Bottom line: PCOS is a hormone-related condition that is a common women’s health issue, affecting 10 percent of women who are of reproductive age. It is a leading cause of infertility.

How Medical Treatments Can Fail PCOS

There is no single test used to diagnose PCOS. When signs or symptoms of PCOS are present, practitioners will often run tests to assess hormone levels and to rule out other causes. Ultrasound may be done to see if cysts are present in the ovaries. Ultrasound may also be done around ovulation time to determine if follicles are actually ripening and ovulation is taking place.

There is no single test used to diagnose PCOS.

Once a diagnosis is given, traditional medical treatments often use a variety of different methods to manage symptoms. (9) The result is the opposite of a holistic approach, since the treatments typically focus on addressing whatever symptoms are making the most noise. Doctors often won’t explore the cause of PCOS since it isn’t well understood, and there isn’t a specific treatment or cure.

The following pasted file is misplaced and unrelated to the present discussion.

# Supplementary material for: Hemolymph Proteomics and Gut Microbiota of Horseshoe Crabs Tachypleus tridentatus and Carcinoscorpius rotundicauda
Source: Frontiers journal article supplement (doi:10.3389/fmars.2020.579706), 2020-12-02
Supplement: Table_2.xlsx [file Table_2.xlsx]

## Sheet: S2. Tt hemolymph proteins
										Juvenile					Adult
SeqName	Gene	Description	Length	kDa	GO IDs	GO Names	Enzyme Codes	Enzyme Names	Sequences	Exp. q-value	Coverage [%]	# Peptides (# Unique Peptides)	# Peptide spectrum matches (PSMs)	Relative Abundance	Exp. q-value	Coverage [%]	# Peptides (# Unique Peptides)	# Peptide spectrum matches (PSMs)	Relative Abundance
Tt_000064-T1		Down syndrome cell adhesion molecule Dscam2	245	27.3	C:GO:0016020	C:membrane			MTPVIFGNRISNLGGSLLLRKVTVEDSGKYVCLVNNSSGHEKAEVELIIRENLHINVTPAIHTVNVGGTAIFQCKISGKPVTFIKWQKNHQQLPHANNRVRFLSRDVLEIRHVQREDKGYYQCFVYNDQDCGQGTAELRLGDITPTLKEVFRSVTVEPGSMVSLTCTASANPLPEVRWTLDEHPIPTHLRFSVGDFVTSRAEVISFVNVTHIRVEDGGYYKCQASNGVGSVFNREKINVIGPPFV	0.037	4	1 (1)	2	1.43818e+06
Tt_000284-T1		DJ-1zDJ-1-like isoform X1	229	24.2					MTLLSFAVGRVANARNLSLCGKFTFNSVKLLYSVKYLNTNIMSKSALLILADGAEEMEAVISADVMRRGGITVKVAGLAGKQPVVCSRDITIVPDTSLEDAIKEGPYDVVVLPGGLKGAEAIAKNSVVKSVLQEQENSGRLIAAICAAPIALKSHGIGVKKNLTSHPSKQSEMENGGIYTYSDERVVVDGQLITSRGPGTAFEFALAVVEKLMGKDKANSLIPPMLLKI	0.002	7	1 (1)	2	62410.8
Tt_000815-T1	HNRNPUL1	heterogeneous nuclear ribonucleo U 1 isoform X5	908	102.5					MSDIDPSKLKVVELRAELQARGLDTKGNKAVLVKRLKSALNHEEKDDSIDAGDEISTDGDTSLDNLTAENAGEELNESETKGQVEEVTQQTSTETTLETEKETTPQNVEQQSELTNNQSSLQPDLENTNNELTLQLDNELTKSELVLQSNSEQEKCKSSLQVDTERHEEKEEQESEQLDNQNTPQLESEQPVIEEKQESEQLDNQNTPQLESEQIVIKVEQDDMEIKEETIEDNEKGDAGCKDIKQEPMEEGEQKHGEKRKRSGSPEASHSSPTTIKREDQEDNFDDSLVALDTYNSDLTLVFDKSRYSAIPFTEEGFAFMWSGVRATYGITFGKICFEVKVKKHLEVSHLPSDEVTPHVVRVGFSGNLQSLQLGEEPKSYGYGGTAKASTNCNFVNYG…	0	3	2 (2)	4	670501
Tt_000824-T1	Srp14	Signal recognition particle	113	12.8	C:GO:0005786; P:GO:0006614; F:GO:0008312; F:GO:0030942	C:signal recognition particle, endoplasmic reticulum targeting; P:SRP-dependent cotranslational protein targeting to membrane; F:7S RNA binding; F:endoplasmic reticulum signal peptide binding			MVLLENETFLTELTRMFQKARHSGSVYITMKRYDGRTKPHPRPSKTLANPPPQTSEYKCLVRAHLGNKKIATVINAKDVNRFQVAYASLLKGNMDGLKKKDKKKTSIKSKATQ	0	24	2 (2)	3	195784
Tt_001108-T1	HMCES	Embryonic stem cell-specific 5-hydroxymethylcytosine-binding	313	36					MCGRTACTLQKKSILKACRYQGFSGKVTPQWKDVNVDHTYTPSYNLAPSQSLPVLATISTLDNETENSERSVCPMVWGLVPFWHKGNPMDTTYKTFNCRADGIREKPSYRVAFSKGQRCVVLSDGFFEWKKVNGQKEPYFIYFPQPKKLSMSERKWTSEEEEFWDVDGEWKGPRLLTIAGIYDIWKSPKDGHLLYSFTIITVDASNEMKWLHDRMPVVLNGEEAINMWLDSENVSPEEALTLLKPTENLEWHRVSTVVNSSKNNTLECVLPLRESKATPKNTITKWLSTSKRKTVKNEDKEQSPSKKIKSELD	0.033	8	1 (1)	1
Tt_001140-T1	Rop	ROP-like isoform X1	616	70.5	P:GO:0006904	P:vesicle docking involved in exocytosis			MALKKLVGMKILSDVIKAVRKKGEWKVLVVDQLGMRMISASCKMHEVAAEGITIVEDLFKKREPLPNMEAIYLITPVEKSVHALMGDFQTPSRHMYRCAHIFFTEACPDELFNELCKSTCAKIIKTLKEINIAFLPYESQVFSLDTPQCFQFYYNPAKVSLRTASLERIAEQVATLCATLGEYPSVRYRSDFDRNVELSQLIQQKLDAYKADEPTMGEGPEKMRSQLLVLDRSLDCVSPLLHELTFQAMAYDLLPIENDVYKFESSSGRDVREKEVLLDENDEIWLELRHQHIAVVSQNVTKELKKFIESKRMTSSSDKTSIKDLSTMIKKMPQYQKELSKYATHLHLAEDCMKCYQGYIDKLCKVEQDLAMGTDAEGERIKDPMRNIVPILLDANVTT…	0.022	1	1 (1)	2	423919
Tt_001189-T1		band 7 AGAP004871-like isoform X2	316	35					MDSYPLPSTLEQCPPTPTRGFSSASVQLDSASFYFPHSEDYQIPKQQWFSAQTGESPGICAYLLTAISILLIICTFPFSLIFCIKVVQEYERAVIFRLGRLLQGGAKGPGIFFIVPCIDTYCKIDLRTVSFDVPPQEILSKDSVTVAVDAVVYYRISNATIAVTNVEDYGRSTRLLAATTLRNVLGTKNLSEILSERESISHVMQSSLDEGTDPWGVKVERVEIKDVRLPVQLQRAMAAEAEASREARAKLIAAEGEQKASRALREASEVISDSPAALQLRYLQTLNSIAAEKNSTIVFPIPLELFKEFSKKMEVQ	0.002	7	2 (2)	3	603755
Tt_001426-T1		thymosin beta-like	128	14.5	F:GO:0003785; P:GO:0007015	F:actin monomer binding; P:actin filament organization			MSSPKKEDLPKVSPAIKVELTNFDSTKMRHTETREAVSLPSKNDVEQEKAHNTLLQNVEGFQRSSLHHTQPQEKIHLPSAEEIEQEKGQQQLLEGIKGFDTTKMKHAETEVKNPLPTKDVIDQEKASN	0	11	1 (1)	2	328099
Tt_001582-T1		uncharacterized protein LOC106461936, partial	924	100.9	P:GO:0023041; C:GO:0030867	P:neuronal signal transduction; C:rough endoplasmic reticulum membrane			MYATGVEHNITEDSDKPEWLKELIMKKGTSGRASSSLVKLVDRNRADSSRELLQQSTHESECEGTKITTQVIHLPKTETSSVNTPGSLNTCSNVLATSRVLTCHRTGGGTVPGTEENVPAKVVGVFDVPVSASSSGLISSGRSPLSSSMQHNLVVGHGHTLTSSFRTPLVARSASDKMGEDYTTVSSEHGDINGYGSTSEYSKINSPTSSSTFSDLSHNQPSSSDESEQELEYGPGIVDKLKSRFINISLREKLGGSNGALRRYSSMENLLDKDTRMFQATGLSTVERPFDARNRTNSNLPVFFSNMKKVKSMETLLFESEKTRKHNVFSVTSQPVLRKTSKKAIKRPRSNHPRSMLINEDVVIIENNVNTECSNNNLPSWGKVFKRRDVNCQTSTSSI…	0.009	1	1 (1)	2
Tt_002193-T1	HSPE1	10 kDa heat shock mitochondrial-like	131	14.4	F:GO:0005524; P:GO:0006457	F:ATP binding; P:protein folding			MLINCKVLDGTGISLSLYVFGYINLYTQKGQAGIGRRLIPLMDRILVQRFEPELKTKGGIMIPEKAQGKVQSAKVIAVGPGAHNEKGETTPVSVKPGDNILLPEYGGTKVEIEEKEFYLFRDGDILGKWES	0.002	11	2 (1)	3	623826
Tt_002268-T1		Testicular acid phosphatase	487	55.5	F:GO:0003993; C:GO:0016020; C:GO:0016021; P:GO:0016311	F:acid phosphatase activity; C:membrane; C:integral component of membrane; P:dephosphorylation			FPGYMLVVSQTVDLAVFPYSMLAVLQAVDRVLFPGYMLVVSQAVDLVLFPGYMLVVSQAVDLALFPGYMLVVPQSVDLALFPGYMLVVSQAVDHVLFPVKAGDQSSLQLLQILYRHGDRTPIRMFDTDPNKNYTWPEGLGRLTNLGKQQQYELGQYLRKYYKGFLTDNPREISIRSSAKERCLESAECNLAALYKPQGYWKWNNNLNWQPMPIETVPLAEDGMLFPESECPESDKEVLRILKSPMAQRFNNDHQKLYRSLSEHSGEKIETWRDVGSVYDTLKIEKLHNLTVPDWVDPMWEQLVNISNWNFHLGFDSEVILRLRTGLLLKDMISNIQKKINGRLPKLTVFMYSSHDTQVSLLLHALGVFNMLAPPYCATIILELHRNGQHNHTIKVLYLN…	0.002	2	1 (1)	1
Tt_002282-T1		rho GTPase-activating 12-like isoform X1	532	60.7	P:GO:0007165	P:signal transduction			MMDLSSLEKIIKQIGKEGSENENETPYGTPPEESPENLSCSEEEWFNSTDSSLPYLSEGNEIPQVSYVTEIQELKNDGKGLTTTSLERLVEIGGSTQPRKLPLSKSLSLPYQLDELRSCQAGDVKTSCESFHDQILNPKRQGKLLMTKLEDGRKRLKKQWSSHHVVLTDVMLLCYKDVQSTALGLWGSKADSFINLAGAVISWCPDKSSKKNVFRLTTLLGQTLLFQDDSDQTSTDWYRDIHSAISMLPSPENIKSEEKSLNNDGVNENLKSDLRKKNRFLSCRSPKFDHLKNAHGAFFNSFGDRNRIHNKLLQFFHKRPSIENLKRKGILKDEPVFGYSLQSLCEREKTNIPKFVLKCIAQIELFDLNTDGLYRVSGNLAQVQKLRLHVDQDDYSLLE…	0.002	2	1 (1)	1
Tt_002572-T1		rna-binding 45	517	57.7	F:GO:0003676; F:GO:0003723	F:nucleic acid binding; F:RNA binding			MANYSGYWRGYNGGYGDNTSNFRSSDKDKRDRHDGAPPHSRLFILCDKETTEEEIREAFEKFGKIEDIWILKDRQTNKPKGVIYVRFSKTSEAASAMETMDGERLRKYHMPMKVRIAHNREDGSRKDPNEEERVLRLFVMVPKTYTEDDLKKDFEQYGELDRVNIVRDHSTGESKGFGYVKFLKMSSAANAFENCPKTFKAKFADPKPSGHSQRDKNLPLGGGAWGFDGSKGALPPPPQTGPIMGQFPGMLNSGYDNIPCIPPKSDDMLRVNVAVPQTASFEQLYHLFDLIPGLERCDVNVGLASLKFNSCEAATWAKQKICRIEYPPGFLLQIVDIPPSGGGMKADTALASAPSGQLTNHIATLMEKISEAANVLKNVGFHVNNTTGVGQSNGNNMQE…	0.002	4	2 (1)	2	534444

Medical treatment for PCOS may include any of the following:

  • Birth control pills or other hormones to force regulate a menstrual cycle. These are specifically aimed at increasing estrogen and progesterone levels above androgen levels.
  • Insulin-regulating medication like metformin, which is used for diabetes to decrease insulin resistance and reduce insulin levels. It may also help lead to weight loss when diet and exercise are also used.
  • Ovulation-stimulating medication, like clomiphene, which helps to ripen follicles and encourage eggs to be released.
  • ART, or Advanced Reproductive Technology. If you are trying to conceive using the previously mentioned medical therapies and they don’t work, most doctors will recommend using gonadotropins like FSH and LH to manually stimulate and ripen follicles, produce eggs, and then in some cases fertilize the eggs using IVF (in vitro fertilization), where they are then transferred back to the uterus. With IVF, you bypass many of the roadblocks that may be present in PCOS, but it doesn’t guarantee a pregnancy.
  • Medication to slow excessive hair growth (hirsutism). Sometimes this can be birth control to reduce androgens, or another medication known as spironolactone to block effects of androgens on the skin.